The biggest difference in terms of employment comprises the 81,600 employees in the new state administration as reported in the last official statistical yearbook, much more than Kosovo had three decades ago. Funds dedicated to social schemes also cover about 350,000 people, who are then not counted as unemployed. However, public employment and the welfare sector are areas of strong political clientelism: parties distribute a majority of public jobs and welfare schemes to their electorate in exchange for loyalty and votes. Serbs barely benefit from social schemes and poverty in Serb dominated areas is significantly higher. Correspondingly, their health and education system is almost fully organised from Serbia.
Despite having received continuous international donations for the domestic budget and nowadays with an annual budget of around 1.6 billion euros, the Kosovo government’s key strategic investments – in infrastructure – have not even doubled the existing paved roads since 1984. The recent housing boom is almost fully driven by private individual investment and remittances from the large diaspora.
The unemployment rate was officially reported to be 35.3% in 2014. This figure is reached when approximately those under 18, the employed, welfare scheme beneficiaries and the university students are omitted from the total number of the population. The majority of the students do not receive any scholarship. However, the figure could still be theoretically right if one takes people into account who are working in the informal market. Applying a similar calculation, unemployment was around 44% in 1984 with better study conditions.
Employment in the economic sector remains weak and virtually equals the households’ incomes from state salaries. This is its major failure. More than 100,000 people, mainly Albanians, fled Kosovo in 2014 and 2015 seeking employment in the European Union. According to government statistics, about 18,000 people migrated to the West in 1989, the year when Kosovo’s autonomy was revoked. General poverty is estimated to affect 30 % of the population.
Quality of life, minority rights, freedom of expression and economic opportunities are important factors of good governance. Of course, the statistics do not portray a full picture and probably the resources have been distributed to other parts of population, but yet one can hardly speak of revolutionary transformations over time, especially in view of the scale of the preceding conflict and the number of victims. Instead much more money is concentrated in the hands of the “new few” affiliated to the independence movement.
Blockade of party reform
Government performance is further damaged by corruption. Not long in office, Prime Minister Isa Mustafa in 2015 was on newspaper front pages for – bizarrely – his office giving a contract to a company owned by his son for servicing a government car.
Mustafa, president of Democratic League of Kosovo (LDK), was a former administration official in Kosovo during the early Slobodan Milosevic period which Albanians boycotted en-masse. Afterwards he led the municipality of Prishtina without significant success from 2007 to 2013. Plus, he was accused of Machiavellism when he refused to join a coalition with Democratic Party of Kosovo (PDK) but eventually changed camps in 2014. Prior to the election, Mustafa agreed with all opposition parties – the parties that are currently organizing the protests – to form a government without the PDK, a position which blocked the inauguration of new institutions for six months.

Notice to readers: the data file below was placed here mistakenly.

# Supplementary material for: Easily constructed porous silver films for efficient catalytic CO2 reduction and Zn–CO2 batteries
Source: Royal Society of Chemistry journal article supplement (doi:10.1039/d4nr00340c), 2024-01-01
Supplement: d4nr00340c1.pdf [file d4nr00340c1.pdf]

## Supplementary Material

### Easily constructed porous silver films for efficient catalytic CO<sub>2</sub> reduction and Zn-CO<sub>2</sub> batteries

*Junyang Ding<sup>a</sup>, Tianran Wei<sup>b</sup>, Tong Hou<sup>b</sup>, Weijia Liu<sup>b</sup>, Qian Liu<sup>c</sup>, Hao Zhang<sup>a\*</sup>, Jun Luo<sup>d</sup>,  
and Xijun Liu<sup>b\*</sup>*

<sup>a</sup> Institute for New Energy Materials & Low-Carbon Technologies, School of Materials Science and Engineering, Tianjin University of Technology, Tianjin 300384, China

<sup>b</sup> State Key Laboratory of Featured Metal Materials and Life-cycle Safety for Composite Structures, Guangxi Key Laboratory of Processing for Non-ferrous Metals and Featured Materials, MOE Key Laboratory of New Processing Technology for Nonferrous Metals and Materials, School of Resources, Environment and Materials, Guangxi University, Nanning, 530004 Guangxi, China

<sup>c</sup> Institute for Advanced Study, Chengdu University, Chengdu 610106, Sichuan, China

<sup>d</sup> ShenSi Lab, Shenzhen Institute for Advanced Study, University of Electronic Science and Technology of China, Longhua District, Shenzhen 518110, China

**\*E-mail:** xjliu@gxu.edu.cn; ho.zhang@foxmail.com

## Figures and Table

Voices in his party criticizing him, among them young members of the Parliament and promising future leaders, were quickly ousted from key party positions. The agreement with the PDK, which made Isa Mustafa the second Prime Minister of independent Kosovo, is expected to introduce his predecessor Hashim Thaçi as President this spring. Thaçi’s close ally Kadri Veseli, head of former Kosovo Intelligence Service (SHIK), an organisation which illegally served PDK interests between 1999 and 2008, is the current Vice-president of the PDK and chairman of the Parliament. With Thaçi heading for President and so having to vacate his party duties, Veseli, rather than some new figures, is the new de facto leader of the PDK. During the PDK’s governance, Veseli’s SHIK had power over the state administration, business and the media. Furthermore, PDK members were involved in numerous and bizarre crime and corruption cases.
Four of the major PDK leaders, including Thaçi and Veseli, are mentioned in the well-known report presented by Swiss politician Dick Marty to the Parliamentary Assembly of the Council of Europe in December 2010. As Thaçi prepares himself for presidential duties, an international tribunal is being established in The Hague, drawing on Marty’s report, to investigate suspected former KLA crimes against Serbs, other minorities and its political opponents during the period January 1998 – December 2000. Their main opponent back then was the LDK, ironically today’s partner in the government coalition.
Both parties have suppressed internal reform. Some former PDK advisors and officials are moving closer towards the main opposition party, Vetëvendosje. In this sense Rexhep Qosja’s recent position is relevant. Two opposition parties that have joined current protests, Alliance for the Future of Kosovo (AAK) and Nisma/Initiative, emerged from the KLA. Nisma also was a faction of the PDK. Their leadership was involved in corruption cases, lack popularity and presidents of both parties faced war crime indictments from the former international war crimes tribunal for Yugoslavia. They are also mentioned in Marty’s report.